Traffic analysis on 375 industrial networks worldwide has confirmed the extent to which hackers target industrial control systems (ICS).
The study by CyberX also found that industrial networks are both connected to the internet and rife with vulnerabilities including legacy Windows boxes, plain-text passwords and a lack of antivirus protection.
One-third of industrial sites are connected to the internet – making them accessible by hackers and malware exploiting vulnerabilities and misconfigurations. The findings undermine the comforting notion that industrial networks don't need to be monitored or patched because they're isolated from the internet via "air gaps".
More than three out of four sites have obsolete Windows systems like Windows XP and 2000. Since Microsoft no longer develops security patches for legacy systems, these can easily be compromised by destructive malware such as WannaCry/NotPetya, trojans like Black Energy, and other nasties.
Half of the sites audited failed to install any antivirus protection whatsoever – increasing the risk of successful malware infections.
Weak authentication was also a problem. Nearly three out of five sites have plain-text passwords traversing their control networks, which might be sniffed by attackers carrying out cyber-reconnaissance before launching attacks against industrial devices on weakly secured networks.
Rogue devices and wireless access were highlighted. Nearly half the audited plants have at least one unknown or rogue device, and 20 per cent have wireless access points (WAPs), both of which can be used as entry points by attackers. WAPs can be compromised via misconfigured settings or via the recently discovered KRACK WPA2 vulnerability, for example.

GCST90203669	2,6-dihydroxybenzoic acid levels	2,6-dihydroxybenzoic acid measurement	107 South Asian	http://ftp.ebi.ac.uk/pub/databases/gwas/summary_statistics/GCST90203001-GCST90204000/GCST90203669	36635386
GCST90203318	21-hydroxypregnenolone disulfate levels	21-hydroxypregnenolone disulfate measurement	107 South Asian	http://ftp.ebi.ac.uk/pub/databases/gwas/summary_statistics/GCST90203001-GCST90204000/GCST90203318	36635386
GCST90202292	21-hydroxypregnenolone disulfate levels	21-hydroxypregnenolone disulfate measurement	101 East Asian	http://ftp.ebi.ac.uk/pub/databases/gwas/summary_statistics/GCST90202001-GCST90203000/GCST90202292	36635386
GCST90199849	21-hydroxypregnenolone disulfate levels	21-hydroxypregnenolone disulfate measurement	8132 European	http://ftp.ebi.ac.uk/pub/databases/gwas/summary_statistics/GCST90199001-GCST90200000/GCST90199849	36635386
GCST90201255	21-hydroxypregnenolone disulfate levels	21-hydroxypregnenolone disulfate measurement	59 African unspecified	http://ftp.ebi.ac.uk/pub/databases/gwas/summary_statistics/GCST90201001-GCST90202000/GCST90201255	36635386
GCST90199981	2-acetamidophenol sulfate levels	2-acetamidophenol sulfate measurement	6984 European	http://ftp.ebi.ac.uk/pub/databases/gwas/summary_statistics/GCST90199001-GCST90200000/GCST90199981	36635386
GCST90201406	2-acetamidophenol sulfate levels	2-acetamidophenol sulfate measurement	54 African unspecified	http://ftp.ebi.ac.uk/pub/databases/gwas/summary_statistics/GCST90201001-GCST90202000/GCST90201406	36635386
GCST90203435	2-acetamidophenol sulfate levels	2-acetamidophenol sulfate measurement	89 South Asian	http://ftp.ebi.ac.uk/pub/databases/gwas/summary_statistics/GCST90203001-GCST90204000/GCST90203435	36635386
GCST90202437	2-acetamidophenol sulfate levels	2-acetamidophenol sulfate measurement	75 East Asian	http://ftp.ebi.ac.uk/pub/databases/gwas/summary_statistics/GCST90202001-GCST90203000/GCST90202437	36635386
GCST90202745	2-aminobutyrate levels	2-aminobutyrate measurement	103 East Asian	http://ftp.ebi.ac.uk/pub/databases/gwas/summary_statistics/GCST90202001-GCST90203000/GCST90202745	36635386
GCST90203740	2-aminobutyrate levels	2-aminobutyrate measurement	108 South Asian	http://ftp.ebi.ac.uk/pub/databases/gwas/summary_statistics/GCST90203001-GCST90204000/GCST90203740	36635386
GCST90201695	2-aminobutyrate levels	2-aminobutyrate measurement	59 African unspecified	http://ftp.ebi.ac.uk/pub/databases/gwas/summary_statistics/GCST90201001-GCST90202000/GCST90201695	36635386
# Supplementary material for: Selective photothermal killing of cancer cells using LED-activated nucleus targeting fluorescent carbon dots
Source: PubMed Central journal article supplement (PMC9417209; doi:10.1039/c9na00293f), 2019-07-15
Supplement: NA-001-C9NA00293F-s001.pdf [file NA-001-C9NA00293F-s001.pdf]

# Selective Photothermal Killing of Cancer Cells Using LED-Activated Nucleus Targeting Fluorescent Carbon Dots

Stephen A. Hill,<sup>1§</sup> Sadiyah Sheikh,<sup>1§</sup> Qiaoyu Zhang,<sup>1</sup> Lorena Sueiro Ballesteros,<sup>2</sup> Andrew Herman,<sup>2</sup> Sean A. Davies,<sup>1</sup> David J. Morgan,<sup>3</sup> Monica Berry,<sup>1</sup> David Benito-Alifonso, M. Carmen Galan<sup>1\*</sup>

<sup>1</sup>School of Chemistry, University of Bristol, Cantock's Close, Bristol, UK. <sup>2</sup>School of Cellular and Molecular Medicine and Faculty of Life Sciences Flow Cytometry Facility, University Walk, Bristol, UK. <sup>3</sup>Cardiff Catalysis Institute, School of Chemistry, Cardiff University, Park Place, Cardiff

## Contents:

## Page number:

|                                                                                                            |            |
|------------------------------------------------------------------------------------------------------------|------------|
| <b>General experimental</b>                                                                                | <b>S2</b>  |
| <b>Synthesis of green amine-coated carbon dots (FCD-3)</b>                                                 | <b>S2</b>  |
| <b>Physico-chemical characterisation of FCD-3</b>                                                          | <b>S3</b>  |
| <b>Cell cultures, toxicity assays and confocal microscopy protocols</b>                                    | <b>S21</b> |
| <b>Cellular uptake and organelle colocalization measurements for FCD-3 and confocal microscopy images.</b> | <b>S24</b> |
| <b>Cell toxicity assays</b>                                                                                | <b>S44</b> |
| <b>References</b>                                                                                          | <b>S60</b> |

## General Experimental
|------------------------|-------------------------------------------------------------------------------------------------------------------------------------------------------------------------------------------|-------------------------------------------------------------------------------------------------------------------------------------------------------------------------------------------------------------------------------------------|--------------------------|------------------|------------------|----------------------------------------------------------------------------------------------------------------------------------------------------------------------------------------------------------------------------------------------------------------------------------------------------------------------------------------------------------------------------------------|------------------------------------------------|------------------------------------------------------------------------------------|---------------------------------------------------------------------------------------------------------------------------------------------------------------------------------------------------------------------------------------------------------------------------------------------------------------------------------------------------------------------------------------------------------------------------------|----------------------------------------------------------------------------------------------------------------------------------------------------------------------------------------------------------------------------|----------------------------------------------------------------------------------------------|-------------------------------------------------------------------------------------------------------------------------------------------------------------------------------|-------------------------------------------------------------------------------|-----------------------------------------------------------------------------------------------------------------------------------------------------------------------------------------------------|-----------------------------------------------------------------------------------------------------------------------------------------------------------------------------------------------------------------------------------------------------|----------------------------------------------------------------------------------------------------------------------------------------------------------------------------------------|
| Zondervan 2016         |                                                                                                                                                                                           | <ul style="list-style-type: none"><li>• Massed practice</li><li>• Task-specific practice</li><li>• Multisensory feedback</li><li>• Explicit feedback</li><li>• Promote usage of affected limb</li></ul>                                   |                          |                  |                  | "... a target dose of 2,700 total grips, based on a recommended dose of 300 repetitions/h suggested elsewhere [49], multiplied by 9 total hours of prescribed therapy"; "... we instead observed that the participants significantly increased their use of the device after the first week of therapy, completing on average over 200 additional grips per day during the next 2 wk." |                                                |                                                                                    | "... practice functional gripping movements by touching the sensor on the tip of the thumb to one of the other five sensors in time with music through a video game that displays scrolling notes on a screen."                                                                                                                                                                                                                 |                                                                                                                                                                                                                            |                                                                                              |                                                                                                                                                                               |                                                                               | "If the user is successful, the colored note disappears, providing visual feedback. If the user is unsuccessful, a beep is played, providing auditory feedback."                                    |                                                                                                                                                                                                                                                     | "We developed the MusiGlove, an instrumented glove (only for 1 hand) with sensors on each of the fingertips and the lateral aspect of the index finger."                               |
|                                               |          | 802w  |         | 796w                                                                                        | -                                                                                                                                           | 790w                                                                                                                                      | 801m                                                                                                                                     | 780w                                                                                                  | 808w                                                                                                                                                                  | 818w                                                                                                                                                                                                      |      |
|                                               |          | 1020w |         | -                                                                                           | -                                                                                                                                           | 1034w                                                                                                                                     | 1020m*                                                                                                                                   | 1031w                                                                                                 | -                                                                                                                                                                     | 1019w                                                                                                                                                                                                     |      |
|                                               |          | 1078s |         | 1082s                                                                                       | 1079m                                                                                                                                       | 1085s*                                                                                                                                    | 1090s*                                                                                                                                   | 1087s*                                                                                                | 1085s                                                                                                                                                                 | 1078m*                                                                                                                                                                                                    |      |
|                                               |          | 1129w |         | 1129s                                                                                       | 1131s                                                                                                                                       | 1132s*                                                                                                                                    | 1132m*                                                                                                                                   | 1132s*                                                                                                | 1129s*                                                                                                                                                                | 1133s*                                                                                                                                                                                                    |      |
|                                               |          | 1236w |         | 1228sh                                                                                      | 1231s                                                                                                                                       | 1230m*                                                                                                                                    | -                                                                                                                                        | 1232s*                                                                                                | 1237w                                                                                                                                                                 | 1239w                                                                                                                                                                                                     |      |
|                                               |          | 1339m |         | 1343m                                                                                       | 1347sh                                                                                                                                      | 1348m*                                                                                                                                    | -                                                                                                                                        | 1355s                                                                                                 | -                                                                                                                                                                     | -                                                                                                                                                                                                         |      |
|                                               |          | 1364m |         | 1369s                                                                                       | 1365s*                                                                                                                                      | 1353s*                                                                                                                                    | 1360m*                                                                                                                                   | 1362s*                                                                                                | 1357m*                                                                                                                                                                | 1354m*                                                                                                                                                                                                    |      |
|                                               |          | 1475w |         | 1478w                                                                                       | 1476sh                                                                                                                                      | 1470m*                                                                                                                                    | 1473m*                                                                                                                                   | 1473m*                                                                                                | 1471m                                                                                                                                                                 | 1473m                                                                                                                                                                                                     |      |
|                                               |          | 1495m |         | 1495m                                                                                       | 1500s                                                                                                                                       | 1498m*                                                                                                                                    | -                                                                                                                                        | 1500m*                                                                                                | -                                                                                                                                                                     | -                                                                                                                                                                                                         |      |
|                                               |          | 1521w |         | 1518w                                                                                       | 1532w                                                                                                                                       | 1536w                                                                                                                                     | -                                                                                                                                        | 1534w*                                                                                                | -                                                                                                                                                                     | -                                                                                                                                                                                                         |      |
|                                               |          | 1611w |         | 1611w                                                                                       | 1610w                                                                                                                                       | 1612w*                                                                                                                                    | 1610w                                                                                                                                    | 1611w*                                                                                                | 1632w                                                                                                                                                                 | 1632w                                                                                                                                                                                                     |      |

The vast majority (82 per cent) of industrial sites are running remote management protocols like RDP, VNC, and SSH. Once attackers have compromised an operational technology (OT) network, this makes it easier to learn how the equipment is configured and eventually manipulate it.
Power plant pwnage
These various shortcomings mean that hackers of varied motives might be able to attack industrial plants. Hackers might be able to get into OT networks either via the internet or by using stolen credentials to switch from corporate IT systems on to OT networks. Once a foothold has been established it's relatively easy for miscreants to move around and compromise industrial devices.
According to a new US CERT advisory citing analysis by the Department of Homeland Security and FBI, threat actors are currently engaged in advanced persistent threat (APT) attacks using spear phishing to obtain stolen credentials from ICS personnel.
OT networks are used with specialised ICS to monitor and control physical processes such as assembly lines, chemical mixing tanks, and blast furnaces. Although industry experts have been warning us for years that our OT networks are particularly vulnerable because they often lack the built-in controls found in IT networks such as automated updates and strong authentication, CyberX's study is one of the first to quantify the risk.
"The risk to OT networks is real – and it's dangerous and perhaps even negligent for business leaders to ignore it," said Michael Assante, ICS/SCADA lead for the SANS Institute.
Data used to compile the study was obtained by applying CyberX's proprietary NTA algorithms to production traffic collected from passive (non-intrusive) monitoring of 375 industrial networks worldwide. It included a representative sample of firms from the energy and utilities, manufacturing, pharmaceuticals, chemicals, and oil and gas sectors. The analysis was performed on an anonymised and aggregated set of metadata with all identifying information removed.
The traffic included a diverse and representative mix of specialised industrial protocols including Modbus TCP, Ethernet/IP, Siemens S7/S7+, GE SRTP, Schneider Electric Telvent, ABB HCS, Beckhoff, OPC, OSIsoft PI, MMS, and many others.
CyberX's Global ICS & IIoT Risk Report was published on Tuesday, October 24.
In response to the threat on industrial control systems, CyberX advises organisations to provide security awareness training for plant personnel and enforcing strong corporate policies to eliminate risky behaviours such as clicking links in emails, using USBs and laptops to transfer files to OT systems, and dual-homing devices between IT and OT networks.
Using compensating controls and multi-layered defences – such as continuous monitoring with behavioural anomaly detection — to provide early warnings of hackers inside your OT network, and the mitigation of critical vulnerabilities that might take years to fully remediate are also recommended. ®